Let’s say you have a verbal agreement with a buyer that is ok paying an above-market price. That’s great right? While that sounds like a wonderful scenario, the deal may never get to the closing table. It’s because most small business transactions like these go through the Small Business Administration. The federal government-backed loan products are used by banks to help buyers get funded. However, the bank will do their own analysis and determine a loan-to-value ratio they are comfortable with. Among other factors, the bank wants to see that the business provides a "reasonable" salary for the new owner and cash flows enough to service the debt. The lender is required to order a business appraisal. If that comes back too low, that’s a problem. If the numbers don’t check out, the buyer won’t get the loan they need. The only remaining options are to ask the buyer to come to the closing table with more cash or be willing to hold the difference in a seller note. "That rarely happens," says Franz.
The Sellers Reality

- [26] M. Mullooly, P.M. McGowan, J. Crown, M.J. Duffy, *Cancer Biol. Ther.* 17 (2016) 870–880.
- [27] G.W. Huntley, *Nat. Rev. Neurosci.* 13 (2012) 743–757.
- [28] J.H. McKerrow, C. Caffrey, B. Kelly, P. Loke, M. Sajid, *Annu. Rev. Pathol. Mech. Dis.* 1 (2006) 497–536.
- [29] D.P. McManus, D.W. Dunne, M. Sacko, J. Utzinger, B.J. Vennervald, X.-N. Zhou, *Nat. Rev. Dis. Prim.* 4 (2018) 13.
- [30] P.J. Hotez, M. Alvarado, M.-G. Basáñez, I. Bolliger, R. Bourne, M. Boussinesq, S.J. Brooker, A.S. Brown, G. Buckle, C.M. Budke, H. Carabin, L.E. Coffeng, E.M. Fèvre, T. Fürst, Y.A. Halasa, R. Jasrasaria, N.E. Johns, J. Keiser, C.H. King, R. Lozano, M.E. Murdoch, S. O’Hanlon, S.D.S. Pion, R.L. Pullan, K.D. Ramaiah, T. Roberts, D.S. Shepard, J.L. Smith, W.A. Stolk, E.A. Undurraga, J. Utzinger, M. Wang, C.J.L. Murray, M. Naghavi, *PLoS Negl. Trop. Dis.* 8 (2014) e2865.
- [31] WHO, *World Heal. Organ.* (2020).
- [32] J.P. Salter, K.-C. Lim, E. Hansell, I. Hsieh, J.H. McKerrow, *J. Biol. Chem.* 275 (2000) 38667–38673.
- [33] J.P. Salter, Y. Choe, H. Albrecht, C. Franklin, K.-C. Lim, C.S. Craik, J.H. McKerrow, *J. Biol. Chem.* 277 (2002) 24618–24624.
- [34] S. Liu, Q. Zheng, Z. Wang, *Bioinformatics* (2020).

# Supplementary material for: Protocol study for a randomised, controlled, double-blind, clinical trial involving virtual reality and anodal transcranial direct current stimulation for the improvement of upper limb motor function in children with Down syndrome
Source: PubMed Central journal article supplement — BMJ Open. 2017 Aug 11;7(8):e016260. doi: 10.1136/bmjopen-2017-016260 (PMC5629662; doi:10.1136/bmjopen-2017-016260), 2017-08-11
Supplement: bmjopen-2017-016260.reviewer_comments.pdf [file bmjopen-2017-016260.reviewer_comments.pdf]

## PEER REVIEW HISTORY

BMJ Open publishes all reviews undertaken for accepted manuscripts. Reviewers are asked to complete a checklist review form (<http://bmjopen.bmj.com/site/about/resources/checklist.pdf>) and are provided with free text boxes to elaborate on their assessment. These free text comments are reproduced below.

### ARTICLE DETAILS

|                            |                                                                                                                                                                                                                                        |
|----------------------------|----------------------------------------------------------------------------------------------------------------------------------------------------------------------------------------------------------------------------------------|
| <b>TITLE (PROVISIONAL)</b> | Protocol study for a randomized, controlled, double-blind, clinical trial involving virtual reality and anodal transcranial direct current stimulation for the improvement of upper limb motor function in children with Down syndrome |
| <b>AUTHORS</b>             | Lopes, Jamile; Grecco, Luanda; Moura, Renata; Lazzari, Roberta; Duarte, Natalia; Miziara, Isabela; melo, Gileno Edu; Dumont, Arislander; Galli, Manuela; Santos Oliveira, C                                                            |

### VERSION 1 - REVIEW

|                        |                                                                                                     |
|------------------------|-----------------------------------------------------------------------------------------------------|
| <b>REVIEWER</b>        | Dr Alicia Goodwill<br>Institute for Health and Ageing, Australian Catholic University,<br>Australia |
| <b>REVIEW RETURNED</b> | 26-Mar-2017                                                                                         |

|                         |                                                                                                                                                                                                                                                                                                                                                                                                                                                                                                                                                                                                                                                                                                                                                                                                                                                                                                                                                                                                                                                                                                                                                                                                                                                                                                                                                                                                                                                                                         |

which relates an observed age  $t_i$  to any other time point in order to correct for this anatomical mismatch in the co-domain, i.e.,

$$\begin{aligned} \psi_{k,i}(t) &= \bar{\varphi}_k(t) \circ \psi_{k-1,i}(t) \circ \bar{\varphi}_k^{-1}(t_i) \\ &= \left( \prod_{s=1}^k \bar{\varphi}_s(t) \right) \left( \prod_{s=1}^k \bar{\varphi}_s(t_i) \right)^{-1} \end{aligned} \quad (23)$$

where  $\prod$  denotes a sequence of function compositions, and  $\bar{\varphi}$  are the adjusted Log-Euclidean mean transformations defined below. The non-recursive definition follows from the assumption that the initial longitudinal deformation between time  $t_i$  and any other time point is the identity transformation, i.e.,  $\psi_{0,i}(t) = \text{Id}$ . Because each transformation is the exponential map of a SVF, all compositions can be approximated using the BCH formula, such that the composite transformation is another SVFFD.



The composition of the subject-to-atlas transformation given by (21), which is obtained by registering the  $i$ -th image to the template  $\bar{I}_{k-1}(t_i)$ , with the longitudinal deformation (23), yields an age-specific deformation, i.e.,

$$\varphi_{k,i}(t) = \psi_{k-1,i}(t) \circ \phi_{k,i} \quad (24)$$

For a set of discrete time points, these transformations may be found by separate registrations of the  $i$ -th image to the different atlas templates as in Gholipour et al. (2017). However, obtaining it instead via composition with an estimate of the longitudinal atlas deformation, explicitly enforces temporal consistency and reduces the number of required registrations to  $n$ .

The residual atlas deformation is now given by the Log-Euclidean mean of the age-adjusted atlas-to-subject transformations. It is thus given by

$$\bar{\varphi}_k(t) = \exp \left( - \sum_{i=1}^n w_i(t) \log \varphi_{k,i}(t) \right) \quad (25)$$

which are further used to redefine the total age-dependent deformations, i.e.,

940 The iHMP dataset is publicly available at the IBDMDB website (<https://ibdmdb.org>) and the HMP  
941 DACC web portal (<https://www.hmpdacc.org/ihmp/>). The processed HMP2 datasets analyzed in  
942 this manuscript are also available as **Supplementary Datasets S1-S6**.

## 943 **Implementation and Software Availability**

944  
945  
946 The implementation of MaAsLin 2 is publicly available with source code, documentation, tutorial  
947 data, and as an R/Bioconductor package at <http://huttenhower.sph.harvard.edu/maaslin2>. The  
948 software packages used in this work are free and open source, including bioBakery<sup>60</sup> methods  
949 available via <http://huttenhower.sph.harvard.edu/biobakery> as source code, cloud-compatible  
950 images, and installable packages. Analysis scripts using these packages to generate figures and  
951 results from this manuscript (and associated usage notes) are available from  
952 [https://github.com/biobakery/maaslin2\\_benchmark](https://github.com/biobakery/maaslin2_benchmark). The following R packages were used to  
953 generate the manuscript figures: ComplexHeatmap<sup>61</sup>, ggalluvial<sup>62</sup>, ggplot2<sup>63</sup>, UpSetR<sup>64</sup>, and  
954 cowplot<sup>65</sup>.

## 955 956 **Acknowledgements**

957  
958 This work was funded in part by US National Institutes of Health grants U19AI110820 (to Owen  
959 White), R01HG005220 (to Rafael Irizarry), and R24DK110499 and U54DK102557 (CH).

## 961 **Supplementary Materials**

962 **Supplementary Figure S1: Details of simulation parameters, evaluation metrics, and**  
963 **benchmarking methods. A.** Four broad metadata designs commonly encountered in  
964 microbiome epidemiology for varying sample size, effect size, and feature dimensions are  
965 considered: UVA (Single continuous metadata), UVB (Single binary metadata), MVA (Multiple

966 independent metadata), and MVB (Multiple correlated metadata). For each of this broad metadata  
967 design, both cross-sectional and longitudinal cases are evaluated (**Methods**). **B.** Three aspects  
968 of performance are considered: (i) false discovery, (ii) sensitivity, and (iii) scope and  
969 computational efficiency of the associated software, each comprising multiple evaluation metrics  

Most sellers have an idea of what they think their business is worth. It may be based on what an accountant tells them or from conversations with other franchise owners. "Owners seem to formulate their own number, and round up from there," says Franz. Unfortunately, many times that number is not grounded in reality. The news can be tough to hear, but an honest conversation early on will help the business get sold as soon as possible, and on the best terms. Franz says, "I’d rather not have the listing than give false hope."
The 2020 Wildcard
When the business lockdown of 2020 occurred, it caused a major shockwave through the business world. Some sectors saw revenues drop to zero overnight such as in the case of gyms and hair salons. Even during the worst economic slowdowns in history, that’s never happened before. Yet other sectors saw a business boom. UPS franchises had a banner year because of the online shopping trends and lack of travel. People had to visit their local shipping store to return unwanted items and send Christmas gifts to family members because they wouldn’t be with them in person. With clear winners and losers in the short term, lenders weren’t quite sure how to value businesses. The uncertainty killed most business sale transactions for 6 months.